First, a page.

August 18, 2008
Interesting "loss" issue in Sixth Circuit case
The Sixth Circuit this morning has an interesting discussion of loss calculations within the federal guidelines in affirming a sentence in US v. Simpson, No. 07-5840 (6th Cir. Aug. 18, 2008) (available here). Here is how the Simpson opinion starts:
Defendant Harold Simpson appeals the sentence and order of restitution imposed for his crime of mail fraud. For several years, Simpson underreported payroll information for his businesses to his workers’ compensation insurance carriers. The district court concluded that the “loss” caused by this conduct was the amount of additional premiums that the insurance carriers would have charged had they been given accurate information. The court then used those figures to calculate Simpson’s Sentencing Guidelines range and the amount of restitution due to the carriers. On appeal, Simpson argues that the proper measure of loss was not the unpaid premiums, but the amount of money that the carriers actually paid on claims. This argument fails, however, because what Simpson took through his deceit was insurance coverage, and the fair market value of that coverage was the amount of the unpaid premiums. We therefore affirm the judgment of the district court.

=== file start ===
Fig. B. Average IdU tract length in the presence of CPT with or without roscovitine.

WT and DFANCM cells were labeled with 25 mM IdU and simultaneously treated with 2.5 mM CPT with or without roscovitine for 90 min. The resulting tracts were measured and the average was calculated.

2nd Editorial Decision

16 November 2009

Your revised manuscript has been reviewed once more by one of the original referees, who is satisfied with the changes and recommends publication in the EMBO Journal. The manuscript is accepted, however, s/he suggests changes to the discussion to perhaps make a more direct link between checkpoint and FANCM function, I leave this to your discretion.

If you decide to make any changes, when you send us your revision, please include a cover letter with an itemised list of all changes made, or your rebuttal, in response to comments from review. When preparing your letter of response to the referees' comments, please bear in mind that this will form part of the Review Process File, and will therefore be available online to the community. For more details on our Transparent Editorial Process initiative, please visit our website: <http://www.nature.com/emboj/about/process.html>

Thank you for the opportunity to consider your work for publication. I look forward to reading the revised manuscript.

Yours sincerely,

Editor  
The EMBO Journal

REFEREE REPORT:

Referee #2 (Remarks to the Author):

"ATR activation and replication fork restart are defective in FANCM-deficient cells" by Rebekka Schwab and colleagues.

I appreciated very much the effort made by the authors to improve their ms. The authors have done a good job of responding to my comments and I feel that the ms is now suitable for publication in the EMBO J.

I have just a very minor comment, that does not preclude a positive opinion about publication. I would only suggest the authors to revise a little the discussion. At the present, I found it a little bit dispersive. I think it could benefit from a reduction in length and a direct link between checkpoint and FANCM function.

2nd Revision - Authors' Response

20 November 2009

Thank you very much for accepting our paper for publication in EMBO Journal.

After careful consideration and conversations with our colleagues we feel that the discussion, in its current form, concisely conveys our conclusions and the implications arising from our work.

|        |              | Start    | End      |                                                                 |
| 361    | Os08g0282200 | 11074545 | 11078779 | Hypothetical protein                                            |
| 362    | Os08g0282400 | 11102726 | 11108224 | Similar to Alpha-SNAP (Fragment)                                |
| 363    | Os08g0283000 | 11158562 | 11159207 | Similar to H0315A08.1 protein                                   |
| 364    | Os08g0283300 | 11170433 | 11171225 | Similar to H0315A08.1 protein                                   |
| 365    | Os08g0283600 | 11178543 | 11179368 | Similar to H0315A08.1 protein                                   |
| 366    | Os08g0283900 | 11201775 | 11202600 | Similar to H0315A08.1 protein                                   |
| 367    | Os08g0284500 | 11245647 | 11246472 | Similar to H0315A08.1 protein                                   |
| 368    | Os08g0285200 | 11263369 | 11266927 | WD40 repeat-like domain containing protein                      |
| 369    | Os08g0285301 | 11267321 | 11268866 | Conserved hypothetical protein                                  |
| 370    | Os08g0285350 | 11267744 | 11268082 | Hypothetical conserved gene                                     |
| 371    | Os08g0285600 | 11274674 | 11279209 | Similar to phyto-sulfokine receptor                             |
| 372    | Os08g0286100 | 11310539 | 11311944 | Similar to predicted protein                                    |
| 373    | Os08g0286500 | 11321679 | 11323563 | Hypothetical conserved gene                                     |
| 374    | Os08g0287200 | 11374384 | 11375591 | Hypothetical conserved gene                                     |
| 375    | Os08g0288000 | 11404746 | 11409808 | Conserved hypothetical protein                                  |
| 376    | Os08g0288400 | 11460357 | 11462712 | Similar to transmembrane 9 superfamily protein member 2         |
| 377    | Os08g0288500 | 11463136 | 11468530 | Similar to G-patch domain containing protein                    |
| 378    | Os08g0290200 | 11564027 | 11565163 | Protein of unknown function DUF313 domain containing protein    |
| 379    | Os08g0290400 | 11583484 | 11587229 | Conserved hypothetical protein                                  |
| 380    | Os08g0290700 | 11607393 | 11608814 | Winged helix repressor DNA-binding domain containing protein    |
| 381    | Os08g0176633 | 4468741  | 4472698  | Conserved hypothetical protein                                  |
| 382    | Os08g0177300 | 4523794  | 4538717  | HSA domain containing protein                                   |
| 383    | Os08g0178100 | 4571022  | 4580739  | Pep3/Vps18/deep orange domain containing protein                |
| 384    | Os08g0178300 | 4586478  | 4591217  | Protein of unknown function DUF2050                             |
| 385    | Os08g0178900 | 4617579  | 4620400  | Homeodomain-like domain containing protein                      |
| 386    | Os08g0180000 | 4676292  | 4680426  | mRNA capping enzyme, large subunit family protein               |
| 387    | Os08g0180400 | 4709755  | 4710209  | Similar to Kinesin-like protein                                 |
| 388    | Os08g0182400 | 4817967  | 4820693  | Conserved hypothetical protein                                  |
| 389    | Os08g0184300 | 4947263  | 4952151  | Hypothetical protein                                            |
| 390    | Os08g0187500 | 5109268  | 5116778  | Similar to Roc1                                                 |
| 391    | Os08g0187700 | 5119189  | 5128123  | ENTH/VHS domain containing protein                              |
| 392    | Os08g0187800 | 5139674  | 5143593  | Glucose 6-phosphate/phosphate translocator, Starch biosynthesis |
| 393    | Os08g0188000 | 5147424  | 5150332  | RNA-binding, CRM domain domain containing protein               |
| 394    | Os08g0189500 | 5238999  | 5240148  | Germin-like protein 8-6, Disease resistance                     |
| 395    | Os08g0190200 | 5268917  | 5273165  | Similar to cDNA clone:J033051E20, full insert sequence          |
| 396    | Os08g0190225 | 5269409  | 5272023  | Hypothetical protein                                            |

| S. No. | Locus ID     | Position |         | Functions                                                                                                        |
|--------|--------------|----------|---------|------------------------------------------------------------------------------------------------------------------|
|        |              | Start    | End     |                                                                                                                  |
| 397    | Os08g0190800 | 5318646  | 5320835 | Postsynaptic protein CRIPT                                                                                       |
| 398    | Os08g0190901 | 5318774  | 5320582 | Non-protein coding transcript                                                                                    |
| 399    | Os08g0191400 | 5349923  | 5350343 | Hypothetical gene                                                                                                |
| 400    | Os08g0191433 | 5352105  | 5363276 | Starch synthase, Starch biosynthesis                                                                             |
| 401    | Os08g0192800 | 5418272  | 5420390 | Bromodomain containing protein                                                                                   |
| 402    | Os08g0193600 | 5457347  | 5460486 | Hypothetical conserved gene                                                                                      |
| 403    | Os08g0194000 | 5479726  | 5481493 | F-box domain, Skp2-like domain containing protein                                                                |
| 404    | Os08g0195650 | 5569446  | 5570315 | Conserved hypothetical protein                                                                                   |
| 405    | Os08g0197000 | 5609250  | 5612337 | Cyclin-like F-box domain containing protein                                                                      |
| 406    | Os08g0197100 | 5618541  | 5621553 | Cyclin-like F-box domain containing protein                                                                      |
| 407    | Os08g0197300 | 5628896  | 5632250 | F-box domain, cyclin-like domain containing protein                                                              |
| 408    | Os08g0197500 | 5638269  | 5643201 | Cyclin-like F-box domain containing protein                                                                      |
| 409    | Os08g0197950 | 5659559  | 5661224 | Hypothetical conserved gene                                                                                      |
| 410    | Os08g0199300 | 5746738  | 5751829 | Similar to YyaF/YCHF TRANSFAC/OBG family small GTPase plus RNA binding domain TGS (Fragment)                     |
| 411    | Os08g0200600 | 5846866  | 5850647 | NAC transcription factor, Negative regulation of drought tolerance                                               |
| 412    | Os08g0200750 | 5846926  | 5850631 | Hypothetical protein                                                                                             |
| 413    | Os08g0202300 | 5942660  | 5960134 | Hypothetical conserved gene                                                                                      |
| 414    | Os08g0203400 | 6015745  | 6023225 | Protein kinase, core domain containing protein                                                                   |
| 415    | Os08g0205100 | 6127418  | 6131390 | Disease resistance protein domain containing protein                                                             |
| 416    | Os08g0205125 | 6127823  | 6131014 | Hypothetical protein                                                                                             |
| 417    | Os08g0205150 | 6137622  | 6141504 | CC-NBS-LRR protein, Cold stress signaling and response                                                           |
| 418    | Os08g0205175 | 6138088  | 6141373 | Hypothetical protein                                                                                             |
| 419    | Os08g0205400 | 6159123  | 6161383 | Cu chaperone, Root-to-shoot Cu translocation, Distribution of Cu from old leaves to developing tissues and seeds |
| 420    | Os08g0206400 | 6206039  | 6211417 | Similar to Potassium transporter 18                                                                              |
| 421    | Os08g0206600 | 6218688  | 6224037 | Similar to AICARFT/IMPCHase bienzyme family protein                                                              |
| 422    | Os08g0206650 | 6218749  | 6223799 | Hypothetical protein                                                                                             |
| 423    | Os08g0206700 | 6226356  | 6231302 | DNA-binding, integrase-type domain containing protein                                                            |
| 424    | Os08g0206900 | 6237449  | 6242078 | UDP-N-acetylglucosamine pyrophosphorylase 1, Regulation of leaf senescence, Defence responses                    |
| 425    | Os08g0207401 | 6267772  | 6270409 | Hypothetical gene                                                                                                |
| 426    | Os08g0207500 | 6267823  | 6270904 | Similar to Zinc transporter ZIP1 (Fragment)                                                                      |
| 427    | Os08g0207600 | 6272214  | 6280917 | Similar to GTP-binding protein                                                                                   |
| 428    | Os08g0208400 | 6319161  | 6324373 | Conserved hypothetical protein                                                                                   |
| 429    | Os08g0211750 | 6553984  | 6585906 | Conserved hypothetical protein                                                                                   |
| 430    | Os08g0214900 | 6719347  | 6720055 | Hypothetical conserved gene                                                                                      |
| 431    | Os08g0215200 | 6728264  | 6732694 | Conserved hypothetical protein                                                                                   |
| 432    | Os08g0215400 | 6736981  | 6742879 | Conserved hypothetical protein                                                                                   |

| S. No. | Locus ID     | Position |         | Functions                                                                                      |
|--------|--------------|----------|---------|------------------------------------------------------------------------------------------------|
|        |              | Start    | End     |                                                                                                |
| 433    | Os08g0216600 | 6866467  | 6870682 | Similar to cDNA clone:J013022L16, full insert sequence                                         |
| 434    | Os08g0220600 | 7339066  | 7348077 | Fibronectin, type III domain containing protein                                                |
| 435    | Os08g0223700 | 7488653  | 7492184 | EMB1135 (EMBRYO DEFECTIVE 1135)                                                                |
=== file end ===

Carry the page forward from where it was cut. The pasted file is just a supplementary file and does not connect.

August 18, 2008 at 11:34 AM | Permalink
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How is this not appropriate? The defendant intended to get the entire coverage by fraud, the coverage is valued at $X (the premiums), so the loss is $X.
Loss is a proxy for HARM, not a measure of restitution.
Posted by: dweedle | Aug 19, 2008 11:52:13 AM
I find it interesting how much lower the guidelines range was for this case than the Perez case brought up just a couple days ago.
Posted by: Soronel Haetir | Aug 19, 2008 5:05:44 PM